WASHINGTON -- The Senate this week voted to go ahead with a plan to limit the fees that merchants pay banks to process debit card purchases.
An amendment introduced by Sen. John Tester (D-MT) that would have delayed regulations designed to slash the fees, commonly called swipe fees, to 12¢ a purchase from the present average of about 44¢ failed to pass. The rule was included in last year's financial regulatory overhaul and is slated to take effect July 21.
The debit-card rules were a major part of the Dodd-Frank financial regulation law passed last year, and the Senate vote was the first major challenge to the new law.
The $16 billion issue was the subject of intense lobbying, and Tester's proposition was seen as the best chance for revisiting the matter before some fee limits kicked in.
Although 54 senators voted in favor of the delay, the measure, which was also sponsored by Sen. Bob Corker (R-TN), did not garner the 60 votes that were required for it to pass under Senate rules. Forty-five senators voted against the amendment.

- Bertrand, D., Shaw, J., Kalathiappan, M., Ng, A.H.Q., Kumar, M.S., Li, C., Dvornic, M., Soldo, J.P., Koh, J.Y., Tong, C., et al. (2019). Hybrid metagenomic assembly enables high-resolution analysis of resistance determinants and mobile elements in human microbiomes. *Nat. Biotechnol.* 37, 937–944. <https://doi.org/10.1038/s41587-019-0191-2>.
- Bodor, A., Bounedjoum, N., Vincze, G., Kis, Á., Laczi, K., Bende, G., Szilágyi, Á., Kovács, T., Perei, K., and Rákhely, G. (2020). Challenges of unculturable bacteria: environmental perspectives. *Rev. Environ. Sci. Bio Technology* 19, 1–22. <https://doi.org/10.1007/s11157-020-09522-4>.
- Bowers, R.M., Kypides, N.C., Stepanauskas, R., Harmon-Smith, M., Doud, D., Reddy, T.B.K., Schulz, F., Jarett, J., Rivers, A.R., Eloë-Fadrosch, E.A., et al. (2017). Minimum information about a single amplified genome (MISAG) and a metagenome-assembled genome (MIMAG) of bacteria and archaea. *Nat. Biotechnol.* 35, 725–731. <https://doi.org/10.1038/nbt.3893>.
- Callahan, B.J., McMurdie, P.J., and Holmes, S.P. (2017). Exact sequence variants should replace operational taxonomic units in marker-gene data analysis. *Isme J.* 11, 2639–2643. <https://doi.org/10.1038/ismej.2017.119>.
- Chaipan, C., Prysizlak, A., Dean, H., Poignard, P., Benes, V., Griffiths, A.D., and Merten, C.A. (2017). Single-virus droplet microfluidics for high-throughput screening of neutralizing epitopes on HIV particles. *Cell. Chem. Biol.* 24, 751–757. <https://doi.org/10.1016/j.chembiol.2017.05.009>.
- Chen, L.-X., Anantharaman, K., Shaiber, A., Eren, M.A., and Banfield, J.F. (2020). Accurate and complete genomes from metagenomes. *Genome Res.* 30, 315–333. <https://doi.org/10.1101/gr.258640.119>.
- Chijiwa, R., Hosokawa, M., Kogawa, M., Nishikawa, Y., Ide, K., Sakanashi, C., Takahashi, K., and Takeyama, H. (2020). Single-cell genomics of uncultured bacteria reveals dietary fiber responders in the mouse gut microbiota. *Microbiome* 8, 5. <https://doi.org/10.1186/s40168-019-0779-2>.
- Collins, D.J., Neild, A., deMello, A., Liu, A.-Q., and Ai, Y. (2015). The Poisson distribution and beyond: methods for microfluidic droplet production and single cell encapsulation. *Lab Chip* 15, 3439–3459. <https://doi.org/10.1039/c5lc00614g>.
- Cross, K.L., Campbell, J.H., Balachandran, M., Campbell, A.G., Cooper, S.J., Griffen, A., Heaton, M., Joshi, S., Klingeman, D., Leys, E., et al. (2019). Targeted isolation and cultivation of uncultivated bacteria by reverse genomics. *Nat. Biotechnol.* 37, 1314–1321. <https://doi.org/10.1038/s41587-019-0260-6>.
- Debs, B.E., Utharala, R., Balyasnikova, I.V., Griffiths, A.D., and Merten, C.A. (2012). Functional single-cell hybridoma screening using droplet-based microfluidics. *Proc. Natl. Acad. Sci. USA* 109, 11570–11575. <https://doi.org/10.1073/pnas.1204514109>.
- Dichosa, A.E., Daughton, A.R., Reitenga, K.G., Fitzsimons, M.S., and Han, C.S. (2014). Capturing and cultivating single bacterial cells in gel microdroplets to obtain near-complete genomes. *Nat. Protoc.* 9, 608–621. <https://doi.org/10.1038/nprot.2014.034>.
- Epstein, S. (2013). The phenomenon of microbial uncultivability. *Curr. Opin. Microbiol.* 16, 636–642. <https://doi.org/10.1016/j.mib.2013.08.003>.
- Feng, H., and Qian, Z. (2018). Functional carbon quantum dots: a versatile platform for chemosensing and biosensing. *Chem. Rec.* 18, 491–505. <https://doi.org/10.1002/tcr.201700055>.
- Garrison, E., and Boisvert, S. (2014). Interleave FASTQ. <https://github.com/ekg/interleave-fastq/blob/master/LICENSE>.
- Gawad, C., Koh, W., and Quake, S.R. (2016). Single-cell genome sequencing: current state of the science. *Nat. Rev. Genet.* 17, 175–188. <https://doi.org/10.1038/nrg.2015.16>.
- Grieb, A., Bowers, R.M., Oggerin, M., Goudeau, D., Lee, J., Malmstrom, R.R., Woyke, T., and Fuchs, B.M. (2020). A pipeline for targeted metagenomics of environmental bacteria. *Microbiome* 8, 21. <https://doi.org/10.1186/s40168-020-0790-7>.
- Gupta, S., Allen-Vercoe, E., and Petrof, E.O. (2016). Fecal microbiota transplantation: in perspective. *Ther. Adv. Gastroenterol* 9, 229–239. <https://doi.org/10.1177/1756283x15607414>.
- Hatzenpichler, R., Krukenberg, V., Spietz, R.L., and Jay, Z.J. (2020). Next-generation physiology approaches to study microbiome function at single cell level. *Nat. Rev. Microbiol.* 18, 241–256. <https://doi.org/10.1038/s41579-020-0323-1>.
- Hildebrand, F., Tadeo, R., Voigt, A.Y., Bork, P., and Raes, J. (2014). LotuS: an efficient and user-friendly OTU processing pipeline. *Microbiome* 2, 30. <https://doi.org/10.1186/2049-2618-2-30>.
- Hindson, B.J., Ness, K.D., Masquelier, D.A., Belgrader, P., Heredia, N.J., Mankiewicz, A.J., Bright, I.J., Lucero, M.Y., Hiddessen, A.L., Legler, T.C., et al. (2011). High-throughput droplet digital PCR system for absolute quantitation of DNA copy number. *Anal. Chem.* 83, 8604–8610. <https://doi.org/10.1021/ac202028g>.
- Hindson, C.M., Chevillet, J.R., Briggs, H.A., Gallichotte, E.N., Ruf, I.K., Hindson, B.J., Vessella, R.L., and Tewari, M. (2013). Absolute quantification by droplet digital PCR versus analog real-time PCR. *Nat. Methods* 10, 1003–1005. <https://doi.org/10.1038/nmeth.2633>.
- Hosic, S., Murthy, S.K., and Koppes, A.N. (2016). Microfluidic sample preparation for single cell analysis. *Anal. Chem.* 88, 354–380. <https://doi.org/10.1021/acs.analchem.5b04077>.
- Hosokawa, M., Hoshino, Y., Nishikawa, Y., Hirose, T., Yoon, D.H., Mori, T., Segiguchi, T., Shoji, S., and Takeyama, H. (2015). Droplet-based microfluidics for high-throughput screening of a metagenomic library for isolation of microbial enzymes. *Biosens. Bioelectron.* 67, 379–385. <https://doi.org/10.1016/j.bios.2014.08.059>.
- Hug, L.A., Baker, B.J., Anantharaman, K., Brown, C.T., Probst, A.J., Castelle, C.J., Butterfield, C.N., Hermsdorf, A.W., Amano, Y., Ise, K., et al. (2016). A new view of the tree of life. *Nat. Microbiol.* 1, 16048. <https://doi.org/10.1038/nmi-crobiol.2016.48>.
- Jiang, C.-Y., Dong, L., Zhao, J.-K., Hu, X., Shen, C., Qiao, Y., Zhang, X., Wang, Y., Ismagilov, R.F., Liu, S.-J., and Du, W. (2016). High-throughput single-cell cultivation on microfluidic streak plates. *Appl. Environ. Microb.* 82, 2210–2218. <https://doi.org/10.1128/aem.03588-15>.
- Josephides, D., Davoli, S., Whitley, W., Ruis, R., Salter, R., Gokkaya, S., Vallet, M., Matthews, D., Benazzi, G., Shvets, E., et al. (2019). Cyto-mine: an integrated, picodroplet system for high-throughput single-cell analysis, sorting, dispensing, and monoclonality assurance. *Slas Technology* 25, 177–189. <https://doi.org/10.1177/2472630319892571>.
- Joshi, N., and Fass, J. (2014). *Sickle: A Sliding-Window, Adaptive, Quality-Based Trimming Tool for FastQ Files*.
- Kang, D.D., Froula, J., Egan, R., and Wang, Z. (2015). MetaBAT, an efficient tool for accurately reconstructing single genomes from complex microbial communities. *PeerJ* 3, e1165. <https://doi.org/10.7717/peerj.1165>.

The debit card measure, sponsored by Sen. Dick Durbin, an Illinois Democrat, passed last year by a 2-1 margin after little debate and no hearings.
Banks, which collect the fees and pass some of that revenue on to the card networks, say the pending rules don't consider enough of their costs. Big banks maintain they will have to shift costs to customers with measures like charging for debit card use or eliminating debit rewards programs. Small banks and credit unions say that the limits could hamper their ability to serve their customers by reducing revenue, and even lead to shutdowns.
On the other side of the fight are retailers, who claim fees limit business expansion and say savings would be passed on to consumers.
Tester's proposal would have delayed the rule for a year and ordered the Federal Reserve and three other agencies to study whether the proposal is fair -- and rewrite it if at least two agencies decide it is not.
Durbin said that a delay of the new debit rules would have kept fees at current levels and given banks "a windfall of profit that they do not deserve."
The National Automatic Merchandising Association recommend that its members urge their Senators to resist the amendment.